There are many procedures you may be asked to undergo as a breast or ovarian cancer patient, however treatment for these cancers are rarely a ‘one-size-fits-all’ approach.
One of the procedures you might be asked to undergo may be a colonoscopy.
Well, medical oncologist Dr Jeffrey Goh, from Brisbane’s Icon Cancer Centre says there is a very specific reason why a small percentage of ovarian cancer patients may need to have one.
“There is a subtype of ovarian cancer, which is a less common, called endometriod ovarian cancer,” Dr Goh explains. “With this subtype the cells look a little bit like uterine cancer under the microscope, but it originates from the ovary.”
Dr Goh says that with this particular type of ovarian cancer there is a connection to bowel cancer.
“With endometriod ovarian cancer, which is probably only 10% of cases, there is a link with bowel cancer through a genetic condition called Lynch Syndrome,” he explains.
However, he goes on to say that even if you are diagnosed with endometriod ovarian cancer, you may only be asked to undergo a colonoscopy if you have been tested for this condition, have a strong family of bowel cancer or if your faecal occult (screening) test was positive.
“Once you’re diagnosed with endometriod ovarian cancer, we would do a test on your tumour to see if you are at risk of carrying the gene for Lynch syndrome,” he explains. “Then only if that’s positive, would we recommend regular colonoscopic surveillance via Gastroenterologists.”
Dr Goh points out it’s not a procedure that is on the front lines of treatment straight away.
“There’s quite a few steps before you might be asked to do a colonoscopy,” he explains. “You need to be diagnosed with an uncommon form of ovarian cancer and then on diagnosis, have a genetic test and if it’s positive, then we need to confirm you actually have Lynch syndrome before you would then undergo a colonoscopy.”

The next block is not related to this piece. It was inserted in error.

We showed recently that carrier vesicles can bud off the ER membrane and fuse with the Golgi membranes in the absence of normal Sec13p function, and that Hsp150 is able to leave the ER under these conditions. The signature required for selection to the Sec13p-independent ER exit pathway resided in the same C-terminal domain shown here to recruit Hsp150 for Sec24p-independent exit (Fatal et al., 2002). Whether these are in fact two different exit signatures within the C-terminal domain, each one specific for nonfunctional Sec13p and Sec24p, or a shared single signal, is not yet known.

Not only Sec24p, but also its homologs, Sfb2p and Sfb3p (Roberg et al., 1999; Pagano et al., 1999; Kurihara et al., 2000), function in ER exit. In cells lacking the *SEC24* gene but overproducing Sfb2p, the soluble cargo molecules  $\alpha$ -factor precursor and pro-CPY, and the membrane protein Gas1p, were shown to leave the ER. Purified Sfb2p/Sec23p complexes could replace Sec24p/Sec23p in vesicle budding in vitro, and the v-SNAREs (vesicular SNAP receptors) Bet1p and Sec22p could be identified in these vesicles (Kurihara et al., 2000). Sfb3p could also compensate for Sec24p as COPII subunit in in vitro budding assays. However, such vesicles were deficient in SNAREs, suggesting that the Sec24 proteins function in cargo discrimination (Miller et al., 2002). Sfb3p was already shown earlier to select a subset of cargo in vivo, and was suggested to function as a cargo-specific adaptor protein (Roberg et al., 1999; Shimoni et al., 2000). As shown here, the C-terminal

However, while Dr Goh says colonoscopies aren’t standard recommendations for ovarian cancer patients, he points out that there is a separate government funded faecal occult blood screening test for people aged 50 and above that is recommended; a positive stool test would lead to colonoscopy next to rule out colorectal cancer.
“So, after 50 years of age, Australian citizens will be sent a faecal occult blood test in the mail and they would do screening that way,” he explains. “So, they will need to do a stool test for traces of blood and if there were traces blood in the stools, then they would need a colonoscopy. That is standard screening for every person above 50 years old, irrespective of whether they had ovarian cancer or not.”
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